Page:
how relational we truly are
as human beings,
basic currency of
I was recently in a small neighborhood restaurant in Naples, Italy.
I watched a large family claim a table that waiters had scurried to set up. At one end sat the elderly parterfamilias with his four sons and their wives, at the other, nine children.
I settled in to watch the rich circus of Latin family life.
And indeed, there was much laughing hugging arguing and remonstrating--
but only at the adult end of the table.
The other end was totally silent.
Eight of the children sat engrossed by the small electronic screens they held a few inches from their noses. Not for one moment did they ever speak or look at each other or at the adults, and they completely ignored the only child without an electronic device. Eventually this boy began to bellow in protest and was comforted by his mother, who turned his chair to face the adult group.
In spite of the warm Mediterranean night, I was chilled.
Pamela Eyring, Director of the Protocal School of Washington, which teaches social manners to corporate and government clients has identified four stages:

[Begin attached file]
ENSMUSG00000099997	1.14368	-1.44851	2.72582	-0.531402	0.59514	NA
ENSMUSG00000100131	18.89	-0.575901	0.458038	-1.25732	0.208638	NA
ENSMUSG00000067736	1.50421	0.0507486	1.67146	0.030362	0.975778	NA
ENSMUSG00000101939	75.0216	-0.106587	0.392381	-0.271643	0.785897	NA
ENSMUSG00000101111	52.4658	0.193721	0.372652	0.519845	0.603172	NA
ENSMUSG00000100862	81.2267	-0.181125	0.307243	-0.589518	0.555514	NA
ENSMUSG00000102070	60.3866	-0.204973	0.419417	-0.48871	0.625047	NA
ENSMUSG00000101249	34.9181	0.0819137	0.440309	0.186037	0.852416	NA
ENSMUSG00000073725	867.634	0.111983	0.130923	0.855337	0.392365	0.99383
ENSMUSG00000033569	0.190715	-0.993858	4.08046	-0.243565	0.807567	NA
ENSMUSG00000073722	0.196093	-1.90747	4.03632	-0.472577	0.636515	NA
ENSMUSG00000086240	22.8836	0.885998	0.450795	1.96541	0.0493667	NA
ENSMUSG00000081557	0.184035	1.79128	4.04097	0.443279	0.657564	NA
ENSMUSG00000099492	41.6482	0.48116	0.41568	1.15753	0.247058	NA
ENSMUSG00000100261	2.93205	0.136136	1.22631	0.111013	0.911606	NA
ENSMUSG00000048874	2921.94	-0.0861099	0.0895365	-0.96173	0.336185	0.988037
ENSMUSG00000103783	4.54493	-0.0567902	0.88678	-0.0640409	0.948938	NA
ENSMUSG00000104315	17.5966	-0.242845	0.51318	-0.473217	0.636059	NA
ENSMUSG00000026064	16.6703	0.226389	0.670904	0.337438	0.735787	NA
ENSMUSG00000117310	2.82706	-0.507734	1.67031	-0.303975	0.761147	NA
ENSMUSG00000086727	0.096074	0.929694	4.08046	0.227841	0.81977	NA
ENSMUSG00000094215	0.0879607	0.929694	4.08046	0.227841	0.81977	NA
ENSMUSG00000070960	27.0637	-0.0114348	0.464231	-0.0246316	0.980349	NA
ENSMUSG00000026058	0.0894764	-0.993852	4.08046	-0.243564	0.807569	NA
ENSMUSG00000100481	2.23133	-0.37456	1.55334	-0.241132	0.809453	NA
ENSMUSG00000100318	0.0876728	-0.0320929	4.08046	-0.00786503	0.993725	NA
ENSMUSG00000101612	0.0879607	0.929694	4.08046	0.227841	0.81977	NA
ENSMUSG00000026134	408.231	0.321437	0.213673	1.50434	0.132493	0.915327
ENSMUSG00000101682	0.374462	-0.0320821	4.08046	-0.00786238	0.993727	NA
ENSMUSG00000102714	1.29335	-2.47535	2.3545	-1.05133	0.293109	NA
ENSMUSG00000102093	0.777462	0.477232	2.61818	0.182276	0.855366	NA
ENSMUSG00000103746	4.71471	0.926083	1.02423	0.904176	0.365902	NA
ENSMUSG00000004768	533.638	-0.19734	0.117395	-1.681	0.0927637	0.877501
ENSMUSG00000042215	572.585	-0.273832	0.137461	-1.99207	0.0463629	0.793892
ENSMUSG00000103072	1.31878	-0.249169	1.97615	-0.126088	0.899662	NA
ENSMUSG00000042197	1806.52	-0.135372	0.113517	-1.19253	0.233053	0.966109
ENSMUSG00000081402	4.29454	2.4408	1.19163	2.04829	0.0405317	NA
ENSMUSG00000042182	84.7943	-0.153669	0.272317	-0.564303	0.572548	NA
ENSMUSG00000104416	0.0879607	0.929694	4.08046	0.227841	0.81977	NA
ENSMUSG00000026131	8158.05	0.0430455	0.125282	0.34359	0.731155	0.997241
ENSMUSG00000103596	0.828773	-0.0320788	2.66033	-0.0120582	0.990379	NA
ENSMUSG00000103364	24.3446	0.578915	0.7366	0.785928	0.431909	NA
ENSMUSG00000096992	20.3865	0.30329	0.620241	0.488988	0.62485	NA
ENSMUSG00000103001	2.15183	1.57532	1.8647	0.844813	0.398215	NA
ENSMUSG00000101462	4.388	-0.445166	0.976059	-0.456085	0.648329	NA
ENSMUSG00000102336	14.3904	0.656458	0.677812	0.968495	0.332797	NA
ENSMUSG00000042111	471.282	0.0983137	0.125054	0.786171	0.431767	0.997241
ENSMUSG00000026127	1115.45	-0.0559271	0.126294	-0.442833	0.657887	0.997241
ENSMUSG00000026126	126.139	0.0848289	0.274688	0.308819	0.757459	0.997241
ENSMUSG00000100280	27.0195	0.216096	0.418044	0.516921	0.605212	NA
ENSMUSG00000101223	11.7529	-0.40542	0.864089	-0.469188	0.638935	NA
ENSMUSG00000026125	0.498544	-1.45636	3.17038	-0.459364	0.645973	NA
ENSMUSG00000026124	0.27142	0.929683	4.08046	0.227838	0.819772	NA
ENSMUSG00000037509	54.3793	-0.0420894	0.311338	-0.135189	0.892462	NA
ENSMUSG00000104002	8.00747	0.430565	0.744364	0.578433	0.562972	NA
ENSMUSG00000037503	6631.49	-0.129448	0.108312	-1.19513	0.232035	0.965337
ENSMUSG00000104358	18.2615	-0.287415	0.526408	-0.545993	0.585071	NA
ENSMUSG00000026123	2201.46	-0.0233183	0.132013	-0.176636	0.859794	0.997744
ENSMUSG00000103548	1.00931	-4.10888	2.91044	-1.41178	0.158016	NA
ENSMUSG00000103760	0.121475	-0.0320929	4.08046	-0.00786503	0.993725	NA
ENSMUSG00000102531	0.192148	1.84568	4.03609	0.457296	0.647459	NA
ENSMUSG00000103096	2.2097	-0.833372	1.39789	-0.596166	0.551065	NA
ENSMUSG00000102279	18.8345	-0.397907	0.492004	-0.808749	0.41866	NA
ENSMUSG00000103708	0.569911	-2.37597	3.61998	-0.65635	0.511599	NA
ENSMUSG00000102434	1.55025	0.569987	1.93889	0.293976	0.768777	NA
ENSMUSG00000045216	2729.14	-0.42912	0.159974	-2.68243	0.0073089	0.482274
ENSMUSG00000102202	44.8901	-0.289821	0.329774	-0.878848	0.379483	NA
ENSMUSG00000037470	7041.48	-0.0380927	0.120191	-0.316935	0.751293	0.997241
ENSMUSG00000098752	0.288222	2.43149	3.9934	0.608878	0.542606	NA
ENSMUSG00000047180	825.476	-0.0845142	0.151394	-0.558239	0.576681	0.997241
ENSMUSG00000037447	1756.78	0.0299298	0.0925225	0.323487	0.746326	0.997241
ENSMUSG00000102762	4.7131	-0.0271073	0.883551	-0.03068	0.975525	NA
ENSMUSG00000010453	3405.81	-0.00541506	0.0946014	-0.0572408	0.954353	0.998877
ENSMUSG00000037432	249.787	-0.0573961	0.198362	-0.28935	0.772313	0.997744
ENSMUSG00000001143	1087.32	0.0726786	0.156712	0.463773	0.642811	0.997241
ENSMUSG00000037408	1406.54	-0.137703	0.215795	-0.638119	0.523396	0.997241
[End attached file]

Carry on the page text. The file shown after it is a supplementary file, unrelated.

confusion, discomfort, irritation, and, finally outrage --
of what she terms as "Blackberry Abandonment."
This is the feeling a person suffers when trying to connect with a devotee of the electronic gadget.
She adds that since personal and business relationship rely on making others feel valued, devices such as the iphone put these relationships at risk. She calls an obsession with iPhones "cell-fishness." This is about more than an issue of etiquette or a lack of consideration for others.
A survey by the consumer electronics review site Retevo.com found that 10 percent of the people under the age of twenty-five do not see anything wrong with texting during sex!
Some say that all our electronic gadgetry is keeping us more connected. But while sharing information on a screen has its uses, it is a shallow connection, not the deep emotional engagement needed for any kind of meaningful relationship.
Texting and emails are set up for volume, velocity and multitasking-- that is, the splitting of attention.
They create an illusion of connection.
The danger is that they also set up a new way of relating in which we are continually in touch but emotionally detached.
Is technology "defining relationships down?"
From the book Love Sense ~ Dr. Sue Johnson